Uzbekistan: Constitutional amendments allow the president to stay in power until 2040

On April 30, 2023 voters in Uzbekistan were asked to vote for or against a package of constitutional amendments.

According to official data, 90,2 percent of the voters voted in favor of the amendments while the total voter turnout was 84,5 percent. During the run-up to referendum day, authorities hailed the amendments as “the will of the people” and as a step in an ongoing reform process. According to the government, the 155 amendments to the Constitutional will recast Uzbekistan as a social state and secure the rights of the individual. While the amendment package enshrines certain rights and bans discrimination, the most notable changes are those that allow president Mirziyoyev to extend his rule until 2040, the Norwegian Helsinki Committee said in a statement following the referendum.

The OSCE Office for Democratic Institutions and Human Rights (OSCE/ODIHR) conducted a limited observation of the referendum – while the Office did not systematically monitor voting stations, it found that violations took place during both voting and counting, and that the entire process took place in an environment without genuine political pluralism. Following the referendum, the OSCE/ODIHR also pointed out that the referendum and the process leading up to it saw several shortcomings including a lack of open public debates on the amendments as well as a lack of impartial media coverage, while journalists and bloggers reported pressure to remove critical content.

Shrinking media space in Uzbekistan

In the time leading up to the referendum, while authorities continued exerting pressure on the press, a group of 41 bloggers and journalists made a public appeal to president Mirziyoyev, calling on him to secure freedom of expression in Uzbekistan. In the appeal, published on Telegram in early March 2023, the petitioners request the president to “help stop the pressure of certain state structures on journalists, the press and bloggers”. The authors of the text report that editorial staff, writers, bloggers, and anyone else who expresses an opinion in public, face significant barriers, pressure and intimidation, and that the state applies pressure on news organizations and bloggers in order to alter the tone, format and content of their reporting, and, in some instances, to prevent them from publishing at all.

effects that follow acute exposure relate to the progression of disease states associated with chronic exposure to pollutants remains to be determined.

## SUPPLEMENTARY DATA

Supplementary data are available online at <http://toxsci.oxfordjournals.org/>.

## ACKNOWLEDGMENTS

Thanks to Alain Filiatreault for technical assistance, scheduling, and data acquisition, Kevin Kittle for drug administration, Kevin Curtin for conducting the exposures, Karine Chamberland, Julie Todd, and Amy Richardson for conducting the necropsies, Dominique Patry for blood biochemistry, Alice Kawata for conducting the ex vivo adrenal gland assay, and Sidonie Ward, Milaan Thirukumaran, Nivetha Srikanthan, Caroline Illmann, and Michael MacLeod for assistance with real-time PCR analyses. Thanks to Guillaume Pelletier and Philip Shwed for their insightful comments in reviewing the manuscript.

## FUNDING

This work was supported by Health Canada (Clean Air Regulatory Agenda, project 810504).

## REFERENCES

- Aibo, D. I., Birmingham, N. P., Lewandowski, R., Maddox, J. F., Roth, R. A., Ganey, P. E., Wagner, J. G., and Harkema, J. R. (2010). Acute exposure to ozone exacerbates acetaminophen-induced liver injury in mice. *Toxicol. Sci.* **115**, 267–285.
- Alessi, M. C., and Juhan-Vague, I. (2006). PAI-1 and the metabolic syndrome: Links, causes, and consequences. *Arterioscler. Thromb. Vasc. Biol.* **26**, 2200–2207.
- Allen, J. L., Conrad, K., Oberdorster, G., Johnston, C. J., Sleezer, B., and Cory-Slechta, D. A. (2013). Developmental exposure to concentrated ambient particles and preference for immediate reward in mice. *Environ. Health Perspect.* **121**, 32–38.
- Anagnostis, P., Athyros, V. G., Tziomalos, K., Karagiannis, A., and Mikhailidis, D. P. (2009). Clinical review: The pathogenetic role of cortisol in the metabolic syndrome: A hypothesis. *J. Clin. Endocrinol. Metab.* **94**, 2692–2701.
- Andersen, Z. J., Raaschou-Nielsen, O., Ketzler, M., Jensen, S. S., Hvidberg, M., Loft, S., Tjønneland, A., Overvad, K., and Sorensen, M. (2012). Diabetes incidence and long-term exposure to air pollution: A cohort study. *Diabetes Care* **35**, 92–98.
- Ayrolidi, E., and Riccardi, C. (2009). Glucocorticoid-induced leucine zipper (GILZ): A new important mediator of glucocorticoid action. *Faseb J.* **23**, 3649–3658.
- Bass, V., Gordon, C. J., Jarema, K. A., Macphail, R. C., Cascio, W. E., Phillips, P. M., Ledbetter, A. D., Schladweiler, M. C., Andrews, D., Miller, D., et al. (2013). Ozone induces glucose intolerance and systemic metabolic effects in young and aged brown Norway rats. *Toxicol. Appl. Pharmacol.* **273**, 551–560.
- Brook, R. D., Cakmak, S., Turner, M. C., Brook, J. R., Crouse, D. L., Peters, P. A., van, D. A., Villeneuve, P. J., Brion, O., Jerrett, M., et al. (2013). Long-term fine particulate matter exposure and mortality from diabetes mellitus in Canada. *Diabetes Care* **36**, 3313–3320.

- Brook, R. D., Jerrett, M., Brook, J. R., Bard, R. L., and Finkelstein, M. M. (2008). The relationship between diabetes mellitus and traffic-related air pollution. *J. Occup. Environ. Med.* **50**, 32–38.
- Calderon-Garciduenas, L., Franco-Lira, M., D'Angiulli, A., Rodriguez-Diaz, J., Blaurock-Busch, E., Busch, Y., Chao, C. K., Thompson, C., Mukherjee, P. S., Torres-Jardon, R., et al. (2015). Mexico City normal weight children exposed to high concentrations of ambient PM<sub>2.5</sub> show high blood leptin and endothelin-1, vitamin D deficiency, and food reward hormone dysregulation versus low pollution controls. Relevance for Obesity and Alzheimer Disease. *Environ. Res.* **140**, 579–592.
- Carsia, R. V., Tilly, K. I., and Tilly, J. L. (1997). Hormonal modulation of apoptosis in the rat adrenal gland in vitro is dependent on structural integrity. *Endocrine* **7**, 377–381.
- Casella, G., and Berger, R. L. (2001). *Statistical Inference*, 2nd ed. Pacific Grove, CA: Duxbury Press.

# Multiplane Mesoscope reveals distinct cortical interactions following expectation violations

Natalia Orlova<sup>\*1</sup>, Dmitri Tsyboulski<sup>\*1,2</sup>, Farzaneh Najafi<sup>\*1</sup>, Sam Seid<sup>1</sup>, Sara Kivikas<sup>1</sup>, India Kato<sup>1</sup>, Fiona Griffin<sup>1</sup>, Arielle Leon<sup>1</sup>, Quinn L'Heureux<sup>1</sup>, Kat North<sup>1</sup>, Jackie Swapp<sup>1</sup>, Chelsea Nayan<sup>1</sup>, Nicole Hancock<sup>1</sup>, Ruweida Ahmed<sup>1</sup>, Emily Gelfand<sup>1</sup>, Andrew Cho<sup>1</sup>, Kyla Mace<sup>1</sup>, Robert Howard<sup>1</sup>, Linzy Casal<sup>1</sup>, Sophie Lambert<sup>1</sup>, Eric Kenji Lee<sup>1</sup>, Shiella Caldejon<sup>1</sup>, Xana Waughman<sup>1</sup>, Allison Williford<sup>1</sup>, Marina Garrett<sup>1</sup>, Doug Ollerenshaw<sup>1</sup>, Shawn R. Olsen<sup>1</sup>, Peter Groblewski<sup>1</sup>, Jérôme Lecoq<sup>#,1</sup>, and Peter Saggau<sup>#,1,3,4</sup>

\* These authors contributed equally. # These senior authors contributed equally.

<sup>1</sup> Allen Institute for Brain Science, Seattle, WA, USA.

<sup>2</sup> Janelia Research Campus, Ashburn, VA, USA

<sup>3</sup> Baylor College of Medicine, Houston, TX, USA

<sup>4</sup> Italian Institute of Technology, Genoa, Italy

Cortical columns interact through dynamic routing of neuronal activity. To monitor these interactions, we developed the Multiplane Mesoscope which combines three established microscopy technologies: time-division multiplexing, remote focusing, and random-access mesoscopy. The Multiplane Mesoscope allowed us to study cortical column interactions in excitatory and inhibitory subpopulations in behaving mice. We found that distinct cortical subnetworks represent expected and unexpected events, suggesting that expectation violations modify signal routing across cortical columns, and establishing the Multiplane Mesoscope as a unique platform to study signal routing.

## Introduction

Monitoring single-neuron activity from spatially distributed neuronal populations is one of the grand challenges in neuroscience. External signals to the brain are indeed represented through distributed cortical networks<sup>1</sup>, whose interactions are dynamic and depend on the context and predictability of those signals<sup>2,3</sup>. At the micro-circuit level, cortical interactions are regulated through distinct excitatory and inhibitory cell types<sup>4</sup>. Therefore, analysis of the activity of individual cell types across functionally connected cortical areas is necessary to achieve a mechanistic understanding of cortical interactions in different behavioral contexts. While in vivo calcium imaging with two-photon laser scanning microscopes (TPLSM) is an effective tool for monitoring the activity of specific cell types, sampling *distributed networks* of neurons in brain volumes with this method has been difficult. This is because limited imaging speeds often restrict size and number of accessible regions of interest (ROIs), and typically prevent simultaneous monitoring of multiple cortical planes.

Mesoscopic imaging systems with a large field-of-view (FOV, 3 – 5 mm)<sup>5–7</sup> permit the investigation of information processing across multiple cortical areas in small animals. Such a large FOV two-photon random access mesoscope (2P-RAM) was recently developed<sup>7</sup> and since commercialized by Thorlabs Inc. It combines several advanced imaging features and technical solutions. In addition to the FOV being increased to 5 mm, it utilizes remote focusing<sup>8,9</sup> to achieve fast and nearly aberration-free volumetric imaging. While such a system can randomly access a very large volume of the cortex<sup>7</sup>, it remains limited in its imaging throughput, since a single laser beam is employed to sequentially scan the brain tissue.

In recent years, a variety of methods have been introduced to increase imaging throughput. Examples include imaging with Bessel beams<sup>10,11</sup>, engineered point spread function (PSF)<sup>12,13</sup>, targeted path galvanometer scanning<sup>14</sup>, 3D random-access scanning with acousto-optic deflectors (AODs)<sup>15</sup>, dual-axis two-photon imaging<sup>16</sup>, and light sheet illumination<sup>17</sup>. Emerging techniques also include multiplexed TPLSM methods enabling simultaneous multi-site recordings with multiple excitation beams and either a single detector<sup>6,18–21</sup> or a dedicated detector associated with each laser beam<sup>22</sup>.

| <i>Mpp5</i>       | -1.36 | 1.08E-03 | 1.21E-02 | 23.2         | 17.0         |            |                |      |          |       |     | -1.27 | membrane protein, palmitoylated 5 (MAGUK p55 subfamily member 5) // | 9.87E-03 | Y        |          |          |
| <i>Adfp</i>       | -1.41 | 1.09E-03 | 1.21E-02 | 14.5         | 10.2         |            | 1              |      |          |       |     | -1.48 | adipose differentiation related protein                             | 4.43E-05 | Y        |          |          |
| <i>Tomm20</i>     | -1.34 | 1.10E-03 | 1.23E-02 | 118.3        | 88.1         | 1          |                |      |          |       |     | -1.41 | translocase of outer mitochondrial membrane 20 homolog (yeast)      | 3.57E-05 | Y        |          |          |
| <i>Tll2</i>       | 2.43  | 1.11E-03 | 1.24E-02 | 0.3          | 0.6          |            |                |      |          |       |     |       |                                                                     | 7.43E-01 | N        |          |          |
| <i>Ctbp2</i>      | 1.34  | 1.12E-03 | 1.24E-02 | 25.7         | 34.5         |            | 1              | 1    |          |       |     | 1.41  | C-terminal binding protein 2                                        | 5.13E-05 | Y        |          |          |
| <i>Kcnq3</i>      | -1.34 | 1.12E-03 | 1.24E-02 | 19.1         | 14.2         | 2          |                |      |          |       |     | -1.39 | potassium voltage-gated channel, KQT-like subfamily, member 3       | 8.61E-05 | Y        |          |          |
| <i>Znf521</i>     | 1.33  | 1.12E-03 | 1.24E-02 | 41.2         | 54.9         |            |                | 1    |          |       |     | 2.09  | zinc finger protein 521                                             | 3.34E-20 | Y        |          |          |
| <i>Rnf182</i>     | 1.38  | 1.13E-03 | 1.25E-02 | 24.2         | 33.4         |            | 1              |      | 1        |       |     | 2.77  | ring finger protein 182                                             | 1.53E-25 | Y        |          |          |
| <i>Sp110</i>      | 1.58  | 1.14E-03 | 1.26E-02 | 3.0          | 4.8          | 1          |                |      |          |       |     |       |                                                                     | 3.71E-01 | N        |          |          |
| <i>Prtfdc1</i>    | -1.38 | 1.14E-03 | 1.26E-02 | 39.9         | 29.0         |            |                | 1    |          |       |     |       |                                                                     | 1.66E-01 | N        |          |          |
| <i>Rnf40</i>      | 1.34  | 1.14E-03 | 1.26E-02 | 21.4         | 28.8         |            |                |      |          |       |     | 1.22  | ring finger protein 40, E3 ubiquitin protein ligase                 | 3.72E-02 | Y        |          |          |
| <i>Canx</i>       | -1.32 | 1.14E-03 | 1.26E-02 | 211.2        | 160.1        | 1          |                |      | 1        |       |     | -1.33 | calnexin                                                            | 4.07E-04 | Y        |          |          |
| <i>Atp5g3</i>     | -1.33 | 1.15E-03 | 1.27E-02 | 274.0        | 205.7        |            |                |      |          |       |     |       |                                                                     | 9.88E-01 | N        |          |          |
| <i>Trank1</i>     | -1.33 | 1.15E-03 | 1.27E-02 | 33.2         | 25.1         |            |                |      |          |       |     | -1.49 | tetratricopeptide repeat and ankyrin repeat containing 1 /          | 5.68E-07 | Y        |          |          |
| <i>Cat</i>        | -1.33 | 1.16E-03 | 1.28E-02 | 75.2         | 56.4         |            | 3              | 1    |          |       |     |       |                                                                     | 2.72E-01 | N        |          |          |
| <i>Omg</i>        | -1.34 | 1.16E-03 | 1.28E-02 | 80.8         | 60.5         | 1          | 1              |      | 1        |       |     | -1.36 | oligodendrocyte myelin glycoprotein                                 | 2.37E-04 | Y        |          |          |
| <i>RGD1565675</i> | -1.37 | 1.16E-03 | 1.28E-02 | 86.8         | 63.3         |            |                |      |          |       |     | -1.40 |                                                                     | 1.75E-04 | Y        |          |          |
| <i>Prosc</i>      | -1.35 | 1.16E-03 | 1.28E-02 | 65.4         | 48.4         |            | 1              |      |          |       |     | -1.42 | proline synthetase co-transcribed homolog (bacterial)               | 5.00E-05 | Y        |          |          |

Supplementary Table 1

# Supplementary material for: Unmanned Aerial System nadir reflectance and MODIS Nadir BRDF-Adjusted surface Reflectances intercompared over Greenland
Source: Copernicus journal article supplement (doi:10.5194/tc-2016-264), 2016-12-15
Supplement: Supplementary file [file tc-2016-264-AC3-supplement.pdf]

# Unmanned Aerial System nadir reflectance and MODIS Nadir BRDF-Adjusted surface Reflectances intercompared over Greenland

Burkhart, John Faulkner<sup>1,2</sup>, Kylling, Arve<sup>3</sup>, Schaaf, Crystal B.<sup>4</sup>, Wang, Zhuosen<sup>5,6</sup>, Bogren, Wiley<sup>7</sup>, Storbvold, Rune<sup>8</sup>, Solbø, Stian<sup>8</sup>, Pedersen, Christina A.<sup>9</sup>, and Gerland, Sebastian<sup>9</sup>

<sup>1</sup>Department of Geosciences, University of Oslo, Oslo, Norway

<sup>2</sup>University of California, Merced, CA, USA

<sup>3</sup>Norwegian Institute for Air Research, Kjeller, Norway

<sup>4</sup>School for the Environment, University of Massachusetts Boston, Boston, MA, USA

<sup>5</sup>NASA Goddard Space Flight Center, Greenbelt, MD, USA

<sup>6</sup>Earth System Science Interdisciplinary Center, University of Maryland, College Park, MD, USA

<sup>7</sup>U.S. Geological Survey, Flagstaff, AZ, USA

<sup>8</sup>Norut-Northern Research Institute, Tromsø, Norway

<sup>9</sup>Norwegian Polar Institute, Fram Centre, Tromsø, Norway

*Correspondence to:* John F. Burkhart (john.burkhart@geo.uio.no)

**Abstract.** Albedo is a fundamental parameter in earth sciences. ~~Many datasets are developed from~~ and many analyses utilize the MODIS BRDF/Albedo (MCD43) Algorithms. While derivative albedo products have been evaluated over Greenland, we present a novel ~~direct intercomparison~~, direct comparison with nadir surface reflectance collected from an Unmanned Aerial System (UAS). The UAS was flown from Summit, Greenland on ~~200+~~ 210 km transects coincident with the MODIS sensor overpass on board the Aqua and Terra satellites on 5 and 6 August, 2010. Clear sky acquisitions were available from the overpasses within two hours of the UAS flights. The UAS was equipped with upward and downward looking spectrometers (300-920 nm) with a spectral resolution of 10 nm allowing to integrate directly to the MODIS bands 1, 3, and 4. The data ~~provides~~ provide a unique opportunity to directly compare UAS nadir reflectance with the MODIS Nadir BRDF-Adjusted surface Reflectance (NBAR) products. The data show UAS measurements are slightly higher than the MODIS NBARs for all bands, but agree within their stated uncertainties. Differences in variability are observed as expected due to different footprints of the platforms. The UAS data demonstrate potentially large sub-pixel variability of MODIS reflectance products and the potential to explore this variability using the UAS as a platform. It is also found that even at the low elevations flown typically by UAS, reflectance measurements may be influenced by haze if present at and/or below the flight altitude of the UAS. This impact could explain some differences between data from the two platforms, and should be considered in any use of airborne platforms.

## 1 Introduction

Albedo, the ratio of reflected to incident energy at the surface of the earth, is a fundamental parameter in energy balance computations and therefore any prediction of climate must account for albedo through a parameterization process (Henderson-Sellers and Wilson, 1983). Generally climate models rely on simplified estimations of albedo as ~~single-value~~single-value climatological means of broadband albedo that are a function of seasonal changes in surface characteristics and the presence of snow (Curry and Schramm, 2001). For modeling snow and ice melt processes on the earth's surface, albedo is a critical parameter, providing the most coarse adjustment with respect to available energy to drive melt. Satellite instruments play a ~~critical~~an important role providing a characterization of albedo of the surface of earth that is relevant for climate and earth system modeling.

In addition, the Norwegian Helsinki Committee is aware of at least a dozen journalists and bloggers who have been persecuted in Uzbekistan in just the last few years – several have been imprisoned on dubious charges, some are currently kept in pre-trial detention, while others have been assaulted, threatened and harassed. At the same time, Reporters without Borders, state in its 2022 report on press freedom that “circumstances have only barely improved for the media”, in the years following the death of former president Islam Karimov in 2016.

Constitutional amendments strengthen human rights – on paper

Among the constitutional changes most interesting from a human rights perspective, the Norwegian Helsinki Committee has identified the following: The new Constitutional prohibits the discrimination and restriction of rights of any persons with special needs; prohibits the discrimination of women; prohibits forced labour; prohibits any interference in the professional activities of lawyers; prohibits the extradition of Uzbek citizens to foreign states; and enshrines the right to free education and free healthcare; enshrines property rights, prohibiting forced evictions without a court order; and enshrines the right to legislative initiative to groups counting at least one hundred thousand voting-eligible citizens. The new Constitution also introduces Habeas Corpus, prohibiting the detention of any individual for more than 48 hours without a court order, and without explaining the reason for detention to the detainee; and introduces Miranda rights. The new Constitution also enshrines the principle of secularism in Uzbek statehood.